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Still Waters

I used to run a low-barrier homeless shelter. While I’ve never been homeless, I know a great deal about what my guys did to survive. I’m not going to go over anything already listed, but here’s a couple additional things.

Concealment is key. If people see you trying to sleep in public you’re going to have trouble. Parking ramp stairwells were really popular, particularly the very bottom where you could go around behind the stairs and be well hidden in that little nook. Those who had cars would park in casino parking ramps and sleep. They were always open and never charged for parking. Also, behind shopping centers and big box stores you could find makeshift camps.

In this area these stores often butt up against large wooded areas and provide a lot of dumpsters for scavenging outdated food and other items such as cardboard, pallets, plastic sheeting, etc. The camps were known about by the guys as word passed on the street, but largely unknown to anyone else, even the employees at the store. If you’re trying to find a camp, look for garbage. Lots of empty bottles of mouthwash are a dead giveaway, as are lots of whole animal skeletons.

Always keep something between you and the ground for warmth. Just one layer of cardboard will make a big difference.

Grab every pair of socks someone offers you. They can warm your feet, your hands, put one inside another to filter water, be rolled up and stuffed in your shirt or jacket for warmth and cushion, be used to carry things, and become a makeshift weapon with a rock inside it.

Food. In the camps, the guys would take whatever had been hit by the side of the road. Deer, dog, etc. I even found a goose skeleton at one of the camps. Don’t know exactly how they got that one. One thing I noticed though is that while most of the longer term homeless guys had a knife of some kind, no one had one good enough to actually butcher an animal. That’s why when we looked for camps we looked for whole skeletons. The guys wouldn’t waste time cleaning and butchering it. They just cut the meat from the bones and cooked it, whereas animals would have ripped the bones apart.

Never enter a camp at night if you haven’t been there before and aren’t known to the residents. If you want to join a camp, go in the daylight, make a lot of noise when walking up, and bring something to share to make friends right away.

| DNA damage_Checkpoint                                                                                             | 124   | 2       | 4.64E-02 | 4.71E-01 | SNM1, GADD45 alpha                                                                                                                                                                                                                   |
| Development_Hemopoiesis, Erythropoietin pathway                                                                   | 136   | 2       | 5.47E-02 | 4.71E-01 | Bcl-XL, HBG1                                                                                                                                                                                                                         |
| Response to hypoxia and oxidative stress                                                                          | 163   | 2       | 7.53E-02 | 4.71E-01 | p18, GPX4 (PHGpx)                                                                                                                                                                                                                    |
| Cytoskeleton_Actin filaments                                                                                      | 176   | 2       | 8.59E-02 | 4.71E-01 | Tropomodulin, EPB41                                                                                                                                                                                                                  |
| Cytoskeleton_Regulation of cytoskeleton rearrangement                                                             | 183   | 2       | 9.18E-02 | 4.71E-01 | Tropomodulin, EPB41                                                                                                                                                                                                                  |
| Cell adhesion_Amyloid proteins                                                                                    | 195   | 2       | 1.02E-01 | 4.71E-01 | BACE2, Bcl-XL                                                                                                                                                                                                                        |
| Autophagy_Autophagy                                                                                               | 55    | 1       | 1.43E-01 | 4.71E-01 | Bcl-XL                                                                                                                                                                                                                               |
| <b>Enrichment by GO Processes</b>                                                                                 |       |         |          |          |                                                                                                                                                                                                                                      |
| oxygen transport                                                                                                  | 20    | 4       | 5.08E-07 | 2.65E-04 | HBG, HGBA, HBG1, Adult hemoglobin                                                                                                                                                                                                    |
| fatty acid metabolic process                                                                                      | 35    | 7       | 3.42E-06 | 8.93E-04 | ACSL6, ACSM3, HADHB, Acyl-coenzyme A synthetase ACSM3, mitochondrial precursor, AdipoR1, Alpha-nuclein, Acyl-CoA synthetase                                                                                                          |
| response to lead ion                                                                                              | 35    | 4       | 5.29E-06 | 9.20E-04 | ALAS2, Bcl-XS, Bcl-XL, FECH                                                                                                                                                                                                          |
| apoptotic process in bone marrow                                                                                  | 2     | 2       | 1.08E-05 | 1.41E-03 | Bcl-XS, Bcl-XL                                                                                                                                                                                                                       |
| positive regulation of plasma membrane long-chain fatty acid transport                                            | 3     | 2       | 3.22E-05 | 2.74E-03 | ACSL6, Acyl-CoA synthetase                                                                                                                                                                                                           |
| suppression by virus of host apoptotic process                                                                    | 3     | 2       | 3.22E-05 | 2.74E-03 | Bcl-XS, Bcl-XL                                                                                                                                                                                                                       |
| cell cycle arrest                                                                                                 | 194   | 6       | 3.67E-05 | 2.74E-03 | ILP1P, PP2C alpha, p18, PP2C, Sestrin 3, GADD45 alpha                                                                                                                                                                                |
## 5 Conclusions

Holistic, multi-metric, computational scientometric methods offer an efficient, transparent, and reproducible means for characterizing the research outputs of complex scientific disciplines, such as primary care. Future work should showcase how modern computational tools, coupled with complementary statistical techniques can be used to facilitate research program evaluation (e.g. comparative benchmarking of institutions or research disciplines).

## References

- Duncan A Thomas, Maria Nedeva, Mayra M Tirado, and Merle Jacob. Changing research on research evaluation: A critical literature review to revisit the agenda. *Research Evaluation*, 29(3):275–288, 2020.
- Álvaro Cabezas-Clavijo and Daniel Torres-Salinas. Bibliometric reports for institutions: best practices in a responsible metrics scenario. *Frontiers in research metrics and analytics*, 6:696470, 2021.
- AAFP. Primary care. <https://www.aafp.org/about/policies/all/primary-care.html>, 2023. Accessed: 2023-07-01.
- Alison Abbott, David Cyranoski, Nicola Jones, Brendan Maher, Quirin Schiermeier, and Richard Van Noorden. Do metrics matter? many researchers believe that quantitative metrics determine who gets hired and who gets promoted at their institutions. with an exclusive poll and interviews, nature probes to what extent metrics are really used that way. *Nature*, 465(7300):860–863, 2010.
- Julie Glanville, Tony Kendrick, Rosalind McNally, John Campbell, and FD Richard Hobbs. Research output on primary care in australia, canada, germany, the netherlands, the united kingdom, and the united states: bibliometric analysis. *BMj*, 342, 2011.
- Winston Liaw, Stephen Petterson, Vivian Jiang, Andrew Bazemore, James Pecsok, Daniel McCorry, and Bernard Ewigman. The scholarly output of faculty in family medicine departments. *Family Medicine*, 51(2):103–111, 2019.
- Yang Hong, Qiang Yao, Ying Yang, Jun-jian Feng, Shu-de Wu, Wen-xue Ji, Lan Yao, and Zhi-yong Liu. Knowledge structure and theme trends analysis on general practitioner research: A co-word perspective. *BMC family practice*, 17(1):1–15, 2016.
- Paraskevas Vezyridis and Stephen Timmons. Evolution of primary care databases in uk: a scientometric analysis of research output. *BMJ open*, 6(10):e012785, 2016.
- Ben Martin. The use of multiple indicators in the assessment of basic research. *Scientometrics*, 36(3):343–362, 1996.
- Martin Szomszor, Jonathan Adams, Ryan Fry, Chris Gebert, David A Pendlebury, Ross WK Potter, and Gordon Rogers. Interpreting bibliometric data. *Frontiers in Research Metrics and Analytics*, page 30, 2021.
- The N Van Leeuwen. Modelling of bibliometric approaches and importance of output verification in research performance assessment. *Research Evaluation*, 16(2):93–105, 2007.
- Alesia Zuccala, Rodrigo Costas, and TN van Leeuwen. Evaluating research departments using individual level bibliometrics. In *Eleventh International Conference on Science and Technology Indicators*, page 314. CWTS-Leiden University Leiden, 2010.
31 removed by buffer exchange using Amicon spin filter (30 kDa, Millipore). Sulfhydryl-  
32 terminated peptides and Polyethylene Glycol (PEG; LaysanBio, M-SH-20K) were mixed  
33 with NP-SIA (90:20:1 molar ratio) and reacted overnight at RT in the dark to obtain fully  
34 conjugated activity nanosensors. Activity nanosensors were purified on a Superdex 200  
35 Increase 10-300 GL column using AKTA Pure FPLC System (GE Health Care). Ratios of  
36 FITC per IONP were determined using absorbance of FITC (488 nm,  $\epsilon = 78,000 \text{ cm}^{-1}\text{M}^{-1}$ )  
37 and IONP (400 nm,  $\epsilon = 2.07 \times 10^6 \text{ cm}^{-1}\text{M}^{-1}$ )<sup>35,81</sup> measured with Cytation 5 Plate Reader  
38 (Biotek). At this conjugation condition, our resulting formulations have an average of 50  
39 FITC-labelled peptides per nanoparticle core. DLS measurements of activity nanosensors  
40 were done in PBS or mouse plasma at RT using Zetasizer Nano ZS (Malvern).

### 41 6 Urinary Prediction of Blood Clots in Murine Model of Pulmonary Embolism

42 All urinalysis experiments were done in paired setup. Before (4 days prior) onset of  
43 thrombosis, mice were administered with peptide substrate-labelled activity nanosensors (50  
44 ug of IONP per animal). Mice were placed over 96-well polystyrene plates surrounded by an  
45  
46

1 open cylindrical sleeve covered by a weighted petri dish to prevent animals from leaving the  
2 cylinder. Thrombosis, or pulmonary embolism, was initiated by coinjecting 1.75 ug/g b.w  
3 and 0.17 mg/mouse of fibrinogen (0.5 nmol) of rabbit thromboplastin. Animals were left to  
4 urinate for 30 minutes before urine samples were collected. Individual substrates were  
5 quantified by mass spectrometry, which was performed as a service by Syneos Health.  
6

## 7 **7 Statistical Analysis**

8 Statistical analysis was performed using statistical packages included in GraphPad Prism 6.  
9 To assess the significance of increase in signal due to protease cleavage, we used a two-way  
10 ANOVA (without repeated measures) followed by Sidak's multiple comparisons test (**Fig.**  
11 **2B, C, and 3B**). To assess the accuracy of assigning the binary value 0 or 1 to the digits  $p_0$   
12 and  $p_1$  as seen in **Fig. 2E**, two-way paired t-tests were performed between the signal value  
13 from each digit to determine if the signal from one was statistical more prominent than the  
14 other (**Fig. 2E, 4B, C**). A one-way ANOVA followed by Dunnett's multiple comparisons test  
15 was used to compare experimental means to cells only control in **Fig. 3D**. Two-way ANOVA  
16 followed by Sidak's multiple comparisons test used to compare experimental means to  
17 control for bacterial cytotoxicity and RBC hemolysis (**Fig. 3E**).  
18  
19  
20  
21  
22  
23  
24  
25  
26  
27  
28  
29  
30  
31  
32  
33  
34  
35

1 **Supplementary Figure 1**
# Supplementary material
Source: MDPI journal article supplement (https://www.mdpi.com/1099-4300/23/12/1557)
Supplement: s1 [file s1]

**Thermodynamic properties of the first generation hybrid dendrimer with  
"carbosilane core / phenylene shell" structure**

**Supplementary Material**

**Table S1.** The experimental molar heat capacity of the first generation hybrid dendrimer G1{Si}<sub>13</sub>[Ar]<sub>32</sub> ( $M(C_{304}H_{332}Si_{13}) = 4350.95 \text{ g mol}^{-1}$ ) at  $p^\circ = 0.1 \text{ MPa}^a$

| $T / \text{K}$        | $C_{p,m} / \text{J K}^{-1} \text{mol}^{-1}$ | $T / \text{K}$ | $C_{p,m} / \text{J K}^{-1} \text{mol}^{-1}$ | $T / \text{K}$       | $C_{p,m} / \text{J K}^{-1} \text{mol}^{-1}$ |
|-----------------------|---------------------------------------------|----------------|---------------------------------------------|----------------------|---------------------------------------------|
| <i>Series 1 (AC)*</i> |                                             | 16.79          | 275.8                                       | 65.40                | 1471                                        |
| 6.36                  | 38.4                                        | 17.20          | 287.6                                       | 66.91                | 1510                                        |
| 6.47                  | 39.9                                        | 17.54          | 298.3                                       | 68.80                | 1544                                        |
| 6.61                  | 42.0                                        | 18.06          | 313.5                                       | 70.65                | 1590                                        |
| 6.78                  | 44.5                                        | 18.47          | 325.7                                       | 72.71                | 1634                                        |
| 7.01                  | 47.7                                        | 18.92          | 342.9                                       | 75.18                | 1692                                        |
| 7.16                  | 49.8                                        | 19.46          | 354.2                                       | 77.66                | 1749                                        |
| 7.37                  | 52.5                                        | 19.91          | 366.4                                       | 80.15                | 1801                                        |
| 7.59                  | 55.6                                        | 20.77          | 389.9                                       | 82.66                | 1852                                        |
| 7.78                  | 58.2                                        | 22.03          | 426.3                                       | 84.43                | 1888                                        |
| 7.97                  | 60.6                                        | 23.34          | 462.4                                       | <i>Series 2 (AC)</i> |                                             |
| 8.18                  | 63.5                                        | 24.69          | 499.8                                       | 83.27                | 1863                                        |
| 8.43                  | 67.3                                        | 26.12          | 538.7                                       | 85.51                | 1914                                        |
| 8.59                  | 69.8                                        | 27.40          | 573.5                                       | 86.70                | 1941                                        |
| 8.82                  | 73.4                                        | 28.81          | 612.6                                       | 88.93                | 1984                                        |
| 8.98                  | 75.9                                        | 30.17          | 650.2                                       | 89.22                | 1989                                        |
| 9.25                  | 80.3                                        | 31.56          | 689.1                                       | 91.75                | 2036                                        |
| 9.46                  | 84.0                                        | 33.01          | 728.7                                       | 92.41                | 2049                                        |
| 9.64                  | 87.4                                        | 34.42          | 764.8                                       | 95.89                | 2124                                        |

Items most wanted for trading were tobacco, soap and razors. Not just any soap, but Irish Spring soap. That stuff was like gold on the street. Pure luxury. Go figure.

Surviving the system… Well, the system is f’ed up. I’ve worked in non-profit for 15 years, in several different areas. Most areas work together with other agencies. Homeless services is the ONLY one I ever encountered in which agencies directly compete with each other instead of working together to fix the damn problem.

I can tell you that in the US, the federal government is devoting more funds to preventing homelessness than solving it. That means if you’re struggling to pay your rent and keep the lights on, you’re more likely to receive help than if you’re already homeless. Don’t wait until you’re being evicted to seek help.

Those of us who have worked in this more than 6 months can tell when your story is fake. If you give a fake story, you’ll get a half-hearted attempt at connecting you with services that really won’t do you any good anyway. When you’re honest about your situation and sincere, we’ll fight for you, even though half the time the help we’d like to give you probably isn’t available due to budget cuts and ignorant suits who’ve never been within 10 feet of a homeless person making the rules.

If you need a homeless shelter, try to find a low-barrier shelter. These are usually staffed by people who have personal experiences with homelessness, addiction, mental illness, prison, etc. Also, they’re more likely to treat you like an adult and get you meaningful help.

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